Government Tries to Block Expert Testimony in Mod Chip Case


Prosecutors in the case of a man charged with violating the Digital Millennium Copyright Act by modding Xbox 360s are trying to block the testimony of “celebrity geek” Andrew “Bunnie” Huang, the author of the 2003 book Hacking the Xbox: An Introduction to Reverse Engineering.

Matthew Crippen of Anaheim, California, is charged with violating the anti-circumvention regulations in the DMCA after installing mod chips in Xbox 360 consoles for undercover agents belonging to the Entertainment Software Association and the U.S. Immigration and Customs Enforcement. It’s serious business – he faces up to three years in prison if convicted on both counts – and so he’s enlisted the help of Chumby designer and “hacking pioneer” Andrew Huang to testify on his behalf.

“Basically, what he did was insufficient on its own to violate anything,” Huang said in a recent interview. The DMCA should allow for “fair use” exemptions, he continued, which would allow for the installation of mod chips in consoles for legitimate purposes. He also pointed out that the U.S. Copyright Office recently legalized jailbreaking cellphones and said that consoles should get the same treatment.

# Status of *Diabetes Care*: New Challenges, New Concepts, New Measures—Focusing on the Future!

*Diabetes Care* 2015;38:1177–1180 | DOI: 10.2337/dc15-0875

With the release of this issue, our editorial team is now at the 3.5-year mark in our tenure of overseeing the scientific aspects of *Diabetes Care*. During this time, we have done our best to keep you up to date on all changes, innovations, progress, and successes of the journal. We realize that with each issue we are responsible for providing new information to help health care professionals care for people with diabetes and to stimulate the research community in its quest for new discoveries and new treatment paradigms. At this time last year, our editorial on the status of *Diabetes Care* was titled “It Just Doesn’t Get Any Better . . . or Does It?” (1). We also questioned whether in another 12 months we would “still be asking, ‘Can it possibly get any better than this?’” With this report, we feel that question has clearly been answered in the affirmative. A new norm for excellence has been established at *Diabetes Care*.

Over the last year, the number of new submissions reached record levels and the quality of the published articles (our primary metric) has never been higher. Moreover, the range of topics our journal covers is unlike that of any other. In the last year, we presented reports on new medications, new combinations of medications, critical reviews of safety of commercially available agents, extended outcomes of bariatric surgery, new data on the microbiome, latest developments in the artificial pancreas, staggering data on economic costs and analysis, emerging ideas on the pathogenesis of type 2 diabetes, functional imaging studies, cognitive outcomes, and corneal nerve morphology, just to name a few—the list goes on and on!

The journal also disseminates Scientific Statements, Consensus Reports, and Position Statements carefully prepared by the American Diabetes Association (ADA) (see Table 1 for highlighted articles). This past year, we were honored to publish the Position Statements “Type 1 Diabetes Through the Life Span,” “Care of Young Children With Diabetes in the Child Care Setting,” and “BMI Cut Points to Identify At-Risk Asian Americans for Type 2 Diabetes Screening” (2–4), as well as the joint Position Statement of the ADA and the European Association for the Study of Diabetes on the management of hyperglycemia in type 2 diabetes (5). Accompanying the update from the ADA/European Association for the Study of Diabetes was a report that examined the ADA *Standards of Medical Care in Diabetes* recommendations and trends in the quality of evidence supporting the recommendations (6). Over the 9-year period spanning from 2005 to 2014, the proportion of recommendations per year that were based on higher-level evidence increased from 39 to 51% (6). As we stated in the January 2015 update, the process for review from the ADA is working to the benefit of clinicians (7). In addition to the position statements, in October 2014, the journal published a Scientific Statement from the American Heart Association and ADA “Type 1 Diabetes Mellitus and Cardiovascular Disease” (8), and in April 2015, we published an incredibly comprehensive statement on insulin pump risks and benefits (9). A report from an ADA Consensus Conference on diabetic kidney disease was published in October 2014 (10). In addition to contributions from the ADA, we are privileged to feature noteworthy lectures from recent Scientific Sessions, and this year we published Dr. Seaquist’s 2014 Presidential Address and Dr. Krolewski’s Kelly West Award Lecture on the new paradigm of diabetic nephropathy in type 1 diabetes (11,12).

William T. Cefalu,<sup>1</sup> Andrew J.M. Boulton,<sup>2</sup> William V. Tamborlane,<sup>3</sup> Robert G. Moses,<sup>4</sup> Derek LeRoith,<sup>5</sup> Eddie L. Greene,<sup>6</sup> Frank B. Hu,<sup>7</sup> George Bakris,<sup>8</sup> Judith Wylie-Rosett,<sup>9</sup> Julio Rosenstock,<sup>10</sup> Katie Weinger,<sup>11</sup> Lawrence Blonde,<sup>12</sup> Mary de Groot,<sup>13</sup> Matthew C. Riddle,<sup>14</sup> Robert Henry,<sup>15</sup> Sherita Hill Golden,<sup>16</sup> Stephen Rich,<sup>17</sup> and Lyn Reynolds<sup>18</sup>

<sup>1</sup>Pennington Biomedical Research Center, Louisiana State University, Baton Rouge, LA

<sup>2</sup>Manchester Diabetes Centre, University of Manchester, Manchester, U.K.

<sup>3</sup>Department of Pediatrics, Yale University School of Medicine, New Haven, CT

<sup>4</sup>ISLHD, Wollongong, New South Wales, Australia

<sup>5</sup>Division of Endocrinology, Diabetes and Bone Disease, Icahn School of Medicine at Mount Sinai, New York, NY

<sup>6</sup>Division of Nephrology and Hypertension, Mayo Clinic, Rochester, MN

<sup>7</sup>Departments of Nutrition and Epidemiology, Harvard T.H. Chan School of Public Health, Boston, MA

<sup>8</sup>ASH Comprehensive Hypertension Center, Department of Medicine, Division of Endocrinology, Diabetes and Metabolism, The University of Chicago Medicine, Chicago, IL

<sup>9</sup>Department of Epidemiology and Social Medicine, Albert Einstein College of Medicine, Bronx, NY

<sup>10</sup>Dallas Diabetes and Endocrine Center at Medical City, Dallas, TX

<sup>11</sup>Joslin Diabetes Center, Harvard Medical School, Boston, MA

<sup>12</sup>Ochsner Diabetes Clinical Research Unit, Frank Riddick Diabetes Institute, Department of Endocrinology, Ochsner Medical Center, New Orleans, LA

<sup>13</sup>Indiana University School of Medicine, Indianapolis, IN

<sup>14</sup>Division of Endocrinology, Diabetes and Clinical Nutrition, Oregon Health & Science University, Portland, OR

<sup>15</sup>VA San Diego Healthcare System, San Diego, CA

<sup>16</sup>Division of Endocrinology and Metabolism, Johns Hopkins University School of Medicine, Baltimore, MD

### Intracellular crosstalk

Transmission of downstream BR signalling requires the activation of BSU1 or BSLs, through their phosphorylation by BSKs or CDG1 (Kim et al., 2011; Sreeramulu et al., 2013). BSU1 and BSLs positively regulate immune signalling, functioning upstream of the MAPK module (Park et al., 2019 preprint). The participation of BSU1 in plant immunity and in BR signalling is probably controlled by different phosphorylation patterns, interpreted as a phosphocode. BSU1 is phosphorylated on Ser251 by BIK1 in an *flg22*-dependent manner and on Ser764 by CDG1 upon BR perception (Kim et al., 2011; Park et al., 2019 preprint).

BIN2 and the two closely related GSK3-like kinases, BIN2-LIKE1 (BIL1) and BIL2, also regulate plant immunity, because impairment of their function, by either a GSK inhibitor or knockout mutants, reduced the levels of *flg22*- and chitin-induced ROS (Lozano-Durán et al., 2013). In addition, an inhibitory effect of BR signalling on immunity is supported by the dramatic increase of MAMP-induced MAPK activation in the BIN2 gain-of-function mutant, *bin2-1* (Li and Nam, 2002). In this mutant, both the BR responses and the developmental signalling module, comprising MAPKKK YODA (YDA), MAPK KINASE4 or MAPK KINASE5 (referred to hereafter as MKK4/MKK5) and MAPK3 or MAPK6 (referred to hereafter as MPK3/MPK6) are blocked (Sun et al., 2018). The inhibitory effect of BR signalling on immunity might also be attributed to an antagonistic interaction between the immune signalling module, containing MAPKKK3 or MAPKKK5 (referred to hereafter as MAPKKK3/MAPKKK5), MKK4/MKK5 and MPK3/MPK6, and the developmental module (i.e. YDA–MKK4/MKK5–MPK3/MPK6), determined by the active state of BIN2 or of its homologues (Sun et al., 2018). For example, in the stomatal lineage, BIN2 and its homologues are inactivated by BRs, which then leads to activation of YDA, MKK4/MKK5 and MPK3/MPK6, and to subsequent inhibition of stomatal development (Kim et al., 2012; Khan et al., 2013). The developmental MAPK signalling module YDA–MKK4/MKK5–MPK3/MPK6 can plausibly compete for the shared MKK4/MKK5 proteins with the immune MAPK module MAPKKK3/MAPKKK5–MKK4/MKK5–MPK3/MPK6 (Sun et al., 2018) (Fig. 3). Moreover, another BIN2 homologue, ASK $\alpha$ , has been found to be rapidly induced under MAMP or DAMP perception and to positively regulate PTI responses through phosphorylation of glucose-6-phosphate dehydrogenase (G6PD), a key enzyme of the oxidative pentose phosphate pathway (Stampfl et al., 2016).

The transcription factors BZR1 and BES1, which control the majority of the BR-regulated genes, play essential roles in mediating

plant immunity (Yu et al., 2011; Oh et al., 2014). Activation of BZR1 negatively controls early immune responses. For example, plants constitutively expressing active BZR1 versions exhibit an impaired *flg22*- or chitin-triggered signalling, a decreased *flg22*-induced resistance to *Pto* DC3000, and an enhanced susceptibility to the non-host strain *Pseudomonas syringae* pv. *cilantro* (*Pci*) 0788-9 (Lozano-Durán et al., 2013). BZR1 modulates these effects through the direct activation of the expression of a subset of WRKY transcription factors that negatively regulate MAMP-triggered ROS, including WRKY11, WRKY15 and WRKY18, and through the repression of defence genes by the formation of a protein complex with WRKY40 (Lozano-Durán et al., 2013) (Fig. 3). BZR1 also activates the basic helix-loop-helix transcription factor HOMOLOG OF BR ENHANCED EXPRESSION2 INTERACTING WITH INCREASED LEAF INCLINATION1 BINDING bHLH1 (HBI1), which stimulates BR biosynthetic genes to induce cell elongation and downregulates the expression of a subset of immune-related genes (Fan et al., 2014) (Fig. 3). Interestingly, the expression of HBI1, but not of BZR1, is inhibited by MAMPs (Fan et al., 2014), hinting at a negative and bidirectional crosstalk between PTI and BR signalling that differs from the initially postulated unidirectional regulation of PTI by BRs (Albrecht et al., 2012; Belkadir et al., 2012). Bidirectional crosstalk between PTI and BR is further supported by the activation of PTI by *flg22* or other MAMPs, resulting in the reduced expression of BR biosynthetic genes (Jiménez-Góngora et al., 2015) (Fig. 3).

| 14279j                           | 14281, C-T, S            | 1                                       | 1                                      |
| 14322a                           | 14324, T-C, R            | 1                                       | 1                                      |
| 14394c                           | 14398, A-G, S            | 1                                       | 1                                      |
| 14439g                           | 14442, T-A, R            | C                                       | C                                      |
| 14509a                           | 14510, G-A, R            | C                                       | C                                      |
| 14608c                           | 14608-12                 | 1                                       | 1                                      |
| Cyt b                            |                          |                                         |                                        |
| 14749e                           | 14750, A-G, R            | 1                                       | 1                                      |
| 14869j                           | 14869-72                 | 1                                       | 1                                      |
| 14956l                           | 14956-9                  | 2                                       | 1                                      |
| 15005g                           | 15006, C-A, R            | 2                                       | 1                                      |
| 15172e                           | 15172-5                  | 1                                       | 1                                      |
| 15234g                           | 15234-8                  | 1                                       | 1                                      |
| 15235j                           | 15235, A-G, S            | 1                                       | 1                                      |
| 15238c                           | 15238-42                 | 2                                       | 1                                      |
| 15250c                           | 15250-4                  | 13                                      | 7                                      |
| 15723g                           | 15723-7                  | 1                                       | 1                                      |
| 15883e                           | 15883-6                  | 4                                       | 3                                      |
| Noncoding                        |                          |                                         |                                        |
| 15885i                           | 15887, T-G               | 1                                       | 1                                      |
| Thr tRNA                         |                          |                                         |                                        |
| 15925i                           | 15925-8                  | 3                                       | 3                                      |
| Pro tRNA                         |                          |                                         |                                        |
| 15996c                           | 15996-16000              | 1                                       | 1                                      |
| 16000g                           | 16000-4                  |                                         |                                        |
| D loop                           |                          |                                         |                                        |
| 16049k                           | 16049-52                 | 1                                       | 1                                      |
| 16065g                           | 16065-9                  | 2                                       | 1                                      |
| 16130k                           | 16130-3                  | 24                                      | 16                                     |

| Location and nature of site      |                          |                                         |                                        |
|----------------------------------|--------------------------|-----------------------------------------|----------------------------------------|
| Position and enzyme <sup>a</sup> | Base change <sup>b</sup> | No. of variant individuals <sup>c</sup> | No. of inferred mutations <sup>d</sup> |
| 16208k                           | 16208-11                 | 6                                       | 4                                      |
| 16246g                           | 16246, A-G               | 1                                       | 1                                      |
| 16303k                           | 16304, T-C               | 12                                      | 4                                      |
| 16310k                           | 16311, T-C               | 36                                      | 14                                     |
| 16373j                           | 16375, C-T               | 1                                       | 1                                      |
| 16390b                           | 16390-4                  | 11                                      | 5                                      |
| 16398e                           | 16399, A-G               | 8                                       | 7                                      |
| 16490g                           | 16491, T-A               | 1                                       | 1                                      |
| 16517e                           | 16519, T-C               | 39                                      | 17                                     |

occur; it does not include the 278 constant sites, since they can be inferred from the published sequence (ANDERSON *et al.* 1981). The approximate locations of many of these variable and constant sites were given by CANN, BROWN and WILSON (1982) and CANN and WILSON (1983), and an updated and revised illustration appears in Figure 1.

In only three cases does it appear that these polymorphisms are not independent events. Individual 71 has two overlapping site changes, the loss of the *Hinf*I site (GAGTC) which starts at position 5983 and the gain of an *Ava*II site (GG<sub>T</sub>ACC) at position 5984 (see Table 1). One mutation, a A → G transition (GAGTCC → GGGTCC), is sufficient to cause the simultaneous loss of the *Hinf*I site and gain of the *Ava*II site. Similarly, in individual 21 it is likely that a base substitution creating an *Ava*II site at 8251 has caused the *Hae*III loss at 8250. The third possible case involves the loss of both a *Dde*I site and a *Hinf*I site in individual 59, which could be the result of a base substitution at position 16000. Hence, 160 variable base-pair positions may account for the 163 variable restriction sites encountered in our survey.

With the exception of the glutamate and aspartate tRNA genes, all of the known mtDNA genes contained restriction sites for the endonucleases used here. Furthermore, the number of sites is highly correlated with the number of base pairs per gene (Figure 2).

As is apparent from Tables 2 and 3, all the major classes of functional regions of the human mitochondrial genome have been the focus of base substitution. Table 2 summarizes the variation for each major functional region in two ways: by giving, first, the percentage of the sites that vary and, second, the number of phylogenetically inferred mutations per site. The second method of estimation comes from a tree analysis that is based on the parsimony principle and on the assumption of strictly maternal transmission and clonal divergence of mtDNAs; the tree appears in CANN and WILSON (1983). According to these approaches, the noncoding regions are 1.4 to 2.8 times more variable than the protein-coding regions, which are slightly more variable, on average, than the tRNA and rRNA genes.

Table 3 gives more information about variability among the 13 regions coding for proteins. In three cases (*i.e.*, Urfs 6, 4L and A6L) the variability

“The bottom line, I would like to see the scope of the DMCA limited to an appropriate statute that respects fair use, one that respects traditional rights,” he added.

But prosecutors are doing their best to block Huang from testifying, arguing that his opinions are not legally admissible and that the “continual reliance on ‘fair use’ as a defense” is irrelevant because circumvention is prohibited by the DMCA regardless of the reason. The judge in the case has yet to rule on the matter.

Three years in prison for installing mod chips in game consoles is an absolute obscenity and Electronic Frontier Foundation Legal Director Cindy Cohn said the case highlights one of the many flaws in the DMCA. The Library of Congress only takes requests for exemptions to the law every three years, a glacial pace that would be laughable if it wasn’t so damaging, and while it agreed to allow iPhone jailbreaking, apparently nobody thought to ask about game consoles. Now we have to wait another couple of years until the process comes around again. “This is why the DMCA process, it’s a pretty inefficient way to think of how the law should be,” Cohn said.

Crippen’s trial is scheduled to begin on November 30.

Source: Ars Technica

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